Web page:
Power Engineering 25th June 2021

    June 28, 2021 Posted by | decommission reactor, UK | Leave a comment

    Senator Markey urges the NRC to improve safety and security of nuclear decommissioning process.

    SENATOR MARKEY URGES THE NRC TO IMPROVE SAFETY AND SECURITY OF NUCLEAR DECOMMISSIONING PROCESS, In a letter, Markey requests stricter safeguards as 23 nuclear power plants, including the Pilgrim Nuclear Power Station, undergo decommissioning in the U.S.

    Washington (June 25, 2021) – Senator Edward J. Markey (D-Mass.), Chair of the Subcommittee on Clean Air, Climate, and Nuclear Safety in the Senate Committee on Environment and Public Works, today sent a letter to the Nuclear Regulatory Commission (NRC), urging the agency to address safety and security concerns before approving the draft rule, “Regulatory Improvements for Production and Utilization Facilities Transitioning to Decommissioning,” and putting out a proposed rule for public comment. “The Nuclear Regulatory Commission must prioritize the safety and security of the nuclear plants it oversees,” said Senator Markey. “As currently written, the proposed rule would allow the NRC and plant operators to cut corners on safety and limit public participation, which is critical to the decommissioning process. The communities around our nuclear plants deserve better than this.”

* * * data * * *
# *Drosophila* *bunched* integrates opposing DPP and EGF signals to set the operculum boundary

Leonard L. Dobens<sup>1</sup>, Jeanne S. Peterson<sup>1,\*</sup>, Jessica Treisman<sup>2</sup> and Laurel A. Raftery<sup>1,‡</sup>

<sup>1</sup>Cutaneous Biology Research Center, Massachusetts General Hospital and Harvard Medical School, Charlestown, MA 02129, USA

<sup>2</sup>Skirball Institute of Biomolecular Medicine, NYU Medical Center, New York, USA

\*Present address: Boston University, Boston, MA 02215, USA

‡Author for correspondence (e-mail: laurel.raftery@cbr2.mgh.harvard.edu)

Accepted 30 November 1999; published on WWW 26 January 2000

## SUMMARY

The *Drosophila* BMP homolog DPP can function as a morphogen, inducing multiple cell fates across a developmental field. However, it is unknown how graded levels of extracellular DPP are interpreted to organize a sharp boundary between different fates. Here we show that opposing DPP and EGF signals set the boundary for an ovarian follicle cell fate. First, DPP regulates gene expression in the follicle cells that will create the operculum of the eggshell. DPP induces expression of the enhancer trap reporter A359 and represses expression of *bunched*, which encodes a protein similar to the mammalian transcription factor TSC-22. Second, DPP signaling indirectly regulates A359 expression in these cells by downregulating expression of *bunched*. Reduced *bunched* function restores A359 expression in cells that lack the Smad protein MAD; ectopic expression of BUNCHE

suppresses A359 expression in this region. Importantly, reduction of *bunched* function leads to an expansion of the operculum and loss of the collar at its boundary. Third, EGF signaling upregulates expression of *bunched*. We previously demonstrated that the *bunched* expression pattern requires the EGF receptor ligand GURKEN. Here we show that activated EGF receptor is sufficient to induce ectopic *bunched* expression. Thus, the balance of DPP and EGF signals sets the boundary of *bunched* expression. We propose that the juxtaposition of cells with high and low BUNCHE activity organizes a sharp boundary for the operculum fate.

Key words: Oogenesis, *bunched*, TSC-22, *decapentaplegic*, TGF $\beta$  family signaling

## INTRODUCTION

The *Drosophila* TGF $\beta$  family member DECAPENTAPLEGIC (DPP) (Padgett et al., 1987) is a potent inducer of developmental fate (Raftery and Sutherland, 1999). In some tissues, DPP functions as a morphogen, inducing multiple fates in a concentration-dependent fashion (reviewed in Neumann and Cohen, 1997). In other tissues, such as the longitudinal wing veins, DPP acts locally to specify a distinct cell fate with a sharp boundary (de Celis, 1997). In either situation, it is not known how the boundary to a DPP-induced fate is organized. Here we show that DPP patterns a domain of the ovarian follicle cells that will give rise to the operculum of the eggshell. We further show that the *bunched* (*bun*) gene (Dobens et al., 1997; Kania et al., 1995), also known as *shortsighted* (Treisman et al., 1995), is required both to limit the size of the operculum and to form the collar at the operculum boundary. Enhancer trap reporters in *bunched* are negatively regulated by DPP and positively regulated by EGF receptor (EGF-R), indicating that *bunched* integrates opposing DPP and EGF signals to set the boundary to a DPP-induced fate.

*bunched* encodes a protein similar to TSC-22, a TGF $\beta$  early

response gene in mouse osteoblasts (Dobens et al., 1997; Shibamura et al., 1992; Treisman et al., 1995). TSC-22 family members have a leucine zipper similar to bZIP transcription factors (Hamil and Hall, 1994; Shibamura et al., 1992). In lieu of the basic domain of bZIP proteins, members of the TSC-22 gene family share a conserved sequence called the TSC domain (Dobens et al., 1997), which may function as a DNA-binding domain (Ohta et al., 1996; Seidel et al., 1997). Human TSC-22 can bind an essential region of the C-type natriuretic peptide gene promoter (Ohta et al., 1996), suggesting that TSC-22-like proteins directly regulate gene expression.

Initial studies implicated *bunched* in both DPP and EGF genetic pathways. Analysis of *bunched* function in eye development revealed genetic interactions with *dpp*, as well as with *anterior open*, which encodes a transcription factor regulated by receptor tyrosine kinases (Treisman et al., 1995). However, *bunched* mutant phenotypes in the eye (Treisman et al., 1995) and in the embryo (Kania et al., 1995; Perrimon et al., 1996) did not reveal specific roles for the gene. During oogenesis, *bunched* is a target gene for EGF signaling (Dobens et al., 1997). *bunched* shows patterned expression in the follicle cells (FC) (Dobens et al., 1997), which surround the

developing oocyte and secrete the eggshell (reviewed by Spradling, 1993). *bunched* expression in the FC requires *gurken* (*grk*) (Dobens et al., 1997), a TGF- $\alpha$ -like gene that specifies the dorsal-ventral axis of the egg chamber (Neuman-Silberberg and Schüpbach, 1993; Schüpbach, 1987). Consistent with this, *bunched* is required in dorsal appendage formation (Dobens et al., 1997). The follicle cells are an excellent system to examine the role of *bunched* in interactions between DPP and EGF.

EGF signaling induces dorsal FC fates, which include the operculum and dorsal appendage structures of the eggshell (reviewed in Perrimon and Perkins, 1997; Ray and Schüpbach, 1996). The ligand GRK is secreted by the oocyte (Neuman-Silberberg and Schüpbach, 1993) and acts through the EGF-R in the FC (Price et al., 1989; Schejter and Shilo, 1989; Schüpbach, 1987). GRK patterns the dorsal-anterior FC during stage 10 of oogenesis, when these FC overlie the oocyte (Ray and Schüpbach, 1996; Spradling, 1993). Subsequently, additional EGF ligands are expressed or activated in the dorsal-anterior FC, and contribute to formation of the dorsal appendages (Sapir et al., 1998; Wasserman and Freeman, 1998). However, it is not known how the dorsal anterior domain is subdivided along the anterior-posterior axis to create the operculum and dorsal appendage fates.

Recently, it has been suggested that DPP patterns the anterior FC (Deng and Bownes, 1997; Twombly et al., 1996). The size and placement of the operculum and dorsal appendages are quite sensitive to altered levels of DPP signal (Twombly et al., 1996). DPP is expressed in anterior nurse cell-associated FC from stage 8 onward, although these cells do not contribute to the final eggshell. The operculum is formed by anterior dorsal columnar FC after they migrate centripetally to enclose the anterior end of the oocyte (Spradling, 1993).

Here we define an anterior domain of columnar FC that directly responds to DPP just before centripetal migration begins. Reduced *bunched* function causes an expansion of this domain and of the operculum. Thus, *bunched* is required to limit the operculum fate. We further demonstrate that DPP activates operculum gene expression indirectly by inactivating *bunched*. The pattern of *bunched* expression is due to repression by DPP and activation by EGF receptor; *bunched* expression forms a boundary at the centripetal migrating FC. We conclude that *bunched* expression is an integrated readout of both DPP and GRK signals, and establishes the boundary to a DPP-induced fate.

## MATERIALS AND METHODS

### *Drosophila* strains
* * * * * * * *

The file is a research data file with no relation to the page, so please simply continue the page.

A copy of the letter can be found HERE.In his letter, Senator Markey requests that the NRC:

    • propose a defined and exact set of rules on how plants should navigate the decommissioning process;
    • improve public participation during the NRC’s consideration of any license transfers requested in connection with a nuclear plant’s decommissioning process;
    • acknowledge and address the fact that spent fuel could remain onsite for long periods of time, perhaps indefinitely; and
    • reevaluate its proposal to reduce financial protections for offsite and onsite liability claims for plants that are in the process of decommissioning.